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Performance art

Performance art is a performance presented to an audience within a fine art context, traditionally interdisciplinary. Performance may be either scripted or unscripted, random or carefully orchestrated; spontaneous or otherwise carefully planned with or without audience participation. The performance can be live or via media; the performer can be present or absent. It can be any situation that involves four basic elements: time, space, the performer's body, or presence in a medium, and a relationship between performer and audience. Performance art can happen anywhere, in any type of venue or setting and for any length of time. The actions of an individual or a group at a particular place and in a particular time constitute the work.

Performance art is an essentially contested concept: any single definition of it implies the recognition of rival uses. As concepts like "democracy" or "art", it implies productive disagreement with itself.

The meaning of the term in the narrower sense is related to postmodernist traditions in Western culture. From about the mid-1960s into the 1970s, often derived from concepts of visual art, with respect to Antonin Artaud, Dada, the Situationists, Fluxus, installation art and conceptual art, performance art tended to be defined as an antithesis to theatre, challenging orthodox art forms and cultural norms. The ideal had been an ephemeral and authentic experience for performer and audience in an event that could not be repeated, captured or purchased. The widely discussed difference, how concepts of visual arts and concepts of performing arts are utilized, can determine the meanings of a performance art presentation.

Performance art is a term usually reserved to refer to a conceptual art which conveys a content-based meaning in a more drama-related sense, rather than being simple performance for its own sake for entertainment purposes. It largely refers to a performance presented to an audience, but which does not seek to present a conventional theatrical play or a formal linear narrative, or which alternately does not seek to depict a set of fictitious characters in formal scripted interactions. It therefore can include action or spoken word as a communication between the artist and audience, or even ignore expectations of an audience, rather than following a script written beforehand.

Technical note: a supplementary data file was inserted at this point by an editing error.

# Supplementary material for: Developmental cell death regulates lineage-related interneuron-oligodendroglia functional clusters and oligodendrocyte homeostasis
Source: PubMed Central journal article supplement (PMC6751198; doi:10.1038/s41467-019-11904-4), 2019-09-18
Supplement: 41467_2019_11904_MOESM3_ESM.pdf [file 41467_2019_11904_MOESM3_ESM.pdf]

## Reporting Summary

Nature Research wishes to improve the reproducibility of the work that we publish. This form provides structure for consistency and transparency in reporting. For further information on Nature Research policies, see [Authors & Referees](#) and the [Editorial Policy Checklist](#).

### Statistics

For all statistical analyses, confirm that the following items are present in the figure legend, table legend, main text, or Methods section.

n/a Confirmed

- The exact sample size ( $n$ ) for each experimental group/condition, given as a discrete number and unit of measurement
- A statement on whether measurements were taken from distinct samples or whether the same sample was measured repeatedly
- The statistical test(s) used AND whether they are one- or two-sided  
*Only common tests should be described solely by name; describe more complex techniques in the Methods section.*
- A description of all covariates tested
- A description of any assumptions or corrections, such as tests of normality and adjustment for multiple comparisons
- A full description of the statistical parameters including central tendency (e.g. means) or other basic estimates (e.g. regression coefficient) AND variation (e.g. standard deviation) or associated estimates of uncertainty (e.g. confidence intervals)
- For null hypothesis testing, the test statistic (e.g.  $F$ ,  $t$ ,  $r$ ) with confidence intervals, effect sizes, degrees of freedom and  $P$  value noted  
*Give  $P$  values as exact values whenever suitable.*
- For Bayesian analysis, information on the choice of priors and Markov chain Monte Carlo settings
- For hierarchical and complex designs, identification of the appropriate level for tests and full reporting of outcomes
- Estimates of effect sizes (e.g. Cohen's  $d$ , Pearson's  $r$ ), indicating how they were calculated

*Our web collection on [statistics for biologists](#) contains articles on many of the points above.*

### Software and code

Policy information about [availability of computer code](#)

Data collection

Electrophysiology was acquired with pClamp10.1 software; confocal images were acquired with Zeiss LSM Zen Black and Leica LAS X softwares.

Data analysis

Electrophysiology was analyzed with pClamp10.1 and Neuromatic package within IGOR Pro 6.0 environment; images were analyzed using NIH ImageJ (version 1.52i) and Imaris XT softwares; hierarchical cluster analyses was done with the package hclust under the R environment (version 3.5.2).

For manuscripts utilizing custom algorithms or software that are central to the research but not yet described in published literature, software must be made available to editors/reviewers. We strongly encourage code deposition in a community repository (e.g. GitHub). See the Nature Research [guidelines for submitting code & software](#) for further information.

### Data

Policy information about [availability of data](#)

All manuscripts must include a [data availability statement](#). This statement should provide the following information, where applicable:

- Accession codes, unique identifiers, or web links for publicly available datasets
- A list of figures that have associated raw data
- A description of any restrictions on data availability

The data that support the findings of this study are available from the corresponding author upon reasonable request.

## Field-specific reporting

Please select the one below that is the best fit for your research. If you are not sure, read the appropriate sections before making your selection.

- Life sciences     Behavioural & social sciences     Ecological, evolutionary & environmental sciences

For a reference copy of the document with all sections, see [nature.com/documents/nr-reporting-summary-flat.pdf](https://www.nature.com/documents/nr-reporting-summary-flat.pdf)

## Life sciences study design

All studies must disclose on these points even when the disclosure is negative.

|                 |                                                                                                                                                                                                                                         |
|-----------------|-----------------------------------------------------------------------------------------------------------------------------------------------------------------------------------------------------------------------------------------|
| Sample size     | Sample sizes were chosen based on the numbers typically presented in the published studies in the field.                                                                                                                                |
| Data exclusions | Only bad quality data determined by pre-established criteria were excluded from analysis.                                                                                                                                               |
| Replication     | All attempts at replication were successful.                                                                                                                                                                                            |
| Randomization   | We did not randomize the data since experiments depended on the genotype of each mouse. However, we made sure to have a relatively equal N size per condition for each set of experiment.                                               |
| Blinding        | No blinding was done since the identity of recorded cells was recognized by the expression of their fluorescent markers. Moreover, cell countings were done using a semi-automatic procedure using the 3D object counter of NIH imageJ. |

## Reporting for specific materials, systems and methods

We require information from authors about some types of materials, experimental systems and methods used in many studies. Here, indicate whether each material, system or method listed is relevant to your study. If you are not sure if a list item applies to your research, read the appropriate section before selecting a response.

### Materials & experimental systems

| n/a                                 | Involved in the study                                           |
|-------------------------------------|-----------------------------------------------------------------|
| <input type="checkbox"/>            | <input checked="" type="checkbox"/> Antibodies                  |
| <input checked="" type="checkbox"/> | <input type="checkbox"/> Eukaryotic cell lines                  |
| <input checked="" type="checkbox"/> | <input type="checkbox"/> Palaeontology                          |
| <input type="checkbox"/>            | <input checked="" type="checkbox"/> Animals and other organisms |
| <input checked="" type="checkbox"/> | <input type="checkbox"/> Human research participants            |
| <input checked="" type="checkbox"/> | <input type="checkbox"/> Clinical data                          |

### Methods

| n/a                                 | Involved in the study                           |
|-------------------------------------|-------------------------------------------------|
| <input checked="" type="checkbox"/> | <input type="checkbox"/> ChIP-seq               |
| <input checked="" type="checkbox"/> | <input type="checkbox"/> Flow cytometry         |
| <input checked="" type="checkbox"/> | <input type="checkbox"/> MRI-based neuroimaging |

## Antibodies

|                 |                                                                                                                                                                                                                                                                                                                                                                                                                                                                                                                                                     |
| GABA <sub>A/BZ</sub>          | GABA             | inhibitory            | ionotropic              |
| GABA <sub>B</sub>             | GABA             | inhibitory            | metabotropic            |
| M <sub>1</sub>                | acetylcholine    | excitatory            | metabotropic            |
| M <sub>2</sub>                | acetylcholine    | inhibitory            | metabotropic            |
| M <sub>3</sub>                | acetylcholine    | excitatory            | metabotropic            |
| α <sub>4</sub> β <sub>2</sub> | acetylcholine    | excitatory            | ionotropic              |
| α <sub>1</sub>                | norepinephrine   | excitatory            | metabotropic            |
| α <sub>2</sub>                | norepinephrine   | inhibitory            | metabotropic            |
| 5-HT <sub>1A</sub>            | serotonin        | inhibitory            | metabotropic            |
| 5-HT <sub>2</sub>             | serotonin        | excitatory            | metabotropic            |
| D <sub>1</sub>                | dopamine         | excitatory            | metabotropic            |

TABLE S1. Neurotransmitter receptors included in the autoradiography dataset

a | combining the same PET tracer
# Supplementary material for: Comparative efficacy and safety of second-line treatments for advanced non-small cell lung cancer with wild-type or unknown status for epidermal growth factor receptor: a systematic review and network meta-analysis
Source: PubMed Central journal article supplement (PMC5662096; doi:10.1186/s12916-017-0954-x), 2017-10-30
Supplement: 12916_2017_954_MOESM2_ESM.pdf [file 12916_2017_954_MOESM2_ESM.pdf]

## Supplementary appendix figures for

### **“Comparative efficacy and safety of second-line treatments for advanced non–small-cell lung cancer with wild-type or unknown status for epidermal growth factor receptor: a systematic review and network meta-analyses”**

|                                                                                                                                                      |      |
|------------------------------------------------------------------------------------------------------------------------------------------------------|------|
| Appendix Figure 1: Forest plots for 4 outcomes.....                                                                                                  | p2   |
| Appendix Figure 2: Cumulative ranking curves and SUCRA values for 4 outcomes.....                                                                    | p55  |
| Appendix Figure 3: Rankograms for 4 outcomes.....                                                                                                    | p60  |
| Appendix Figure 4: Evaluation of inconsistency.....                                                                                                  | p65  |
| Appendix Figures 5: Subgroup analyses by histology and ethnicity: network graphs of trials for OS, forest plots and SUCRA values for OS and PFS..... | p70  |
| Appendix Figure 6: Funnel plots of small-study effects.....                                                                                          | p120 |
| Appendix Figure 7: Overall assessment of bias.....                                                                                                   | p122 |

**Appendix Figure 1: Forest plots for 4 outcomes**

• Carlson, Marvin (1996) Performance: A Critical Introduction. London and New York: Routledge. ,
  • Carr, C. (1993) On Edge: Performance at the End of the Twentieth Century. Wesleyan University Press. ,
  • Thomas Dreher: Performance Art nach 1945. Aktionstheater und Intermedia. München: Wilhelm Fink 2001. (in German)
  • Erika Fischer-Lichte: Ästhetik des Performativen. Frankfurt: edition suhrkamp 2004. (in German)
  • Goldberg, Roselee (1998) Performance: Live Art Since 1960. Harry N. Abrams, NY NY.
  • Goldberg, Roselee (2001) Performance Art: From Futurism to the Present (World of Art). Thames & Hudson
  • Gómez-Peña, Guillermo (2005) Ethno-techno: Writings on performance, activism and pedagogy. Routledge, London.
  • Jones, Amelia and Heathfield, Adrian (eds.) (2012), Perform, Repeat, Record. Live Art in History. Intellect, Bristol.
  • Rockwell, John (2004) "Preserve Performance Art?" New York Times, April 30.
  • Schimmel, Paul (ed.) (1998) Out of Actions: Between Performance and the Object, 1949–1979. Thames and Hudson, Los Angeles. Library of the Congress NX456.5.P38 S35 1998
  • Smith, Roberta (2005) "Performance Art Gets Its Biennial". New York Times, November 2.
  • ArtSpeak: A Guide to Contemporary Ideas, Movements, and Buzzwords, 1945 to the Present, by Robert Atkins, Abbeville Press, (basic definition and basic overview provided)
  • Art in the Modern Era: A Guide to Styles, Schools, & Movements, by Amy Dempsey, Publisher: Harry N. Abrams, (basic definition and basic overview provided)
  • Beuys Brock Vostell. Aktion Demonstration Partizipation 1949-1983. ZKM - Zentrum für Kunst und Medientechnologie, Hatje Cantz, Karlsruhe, 2014, .


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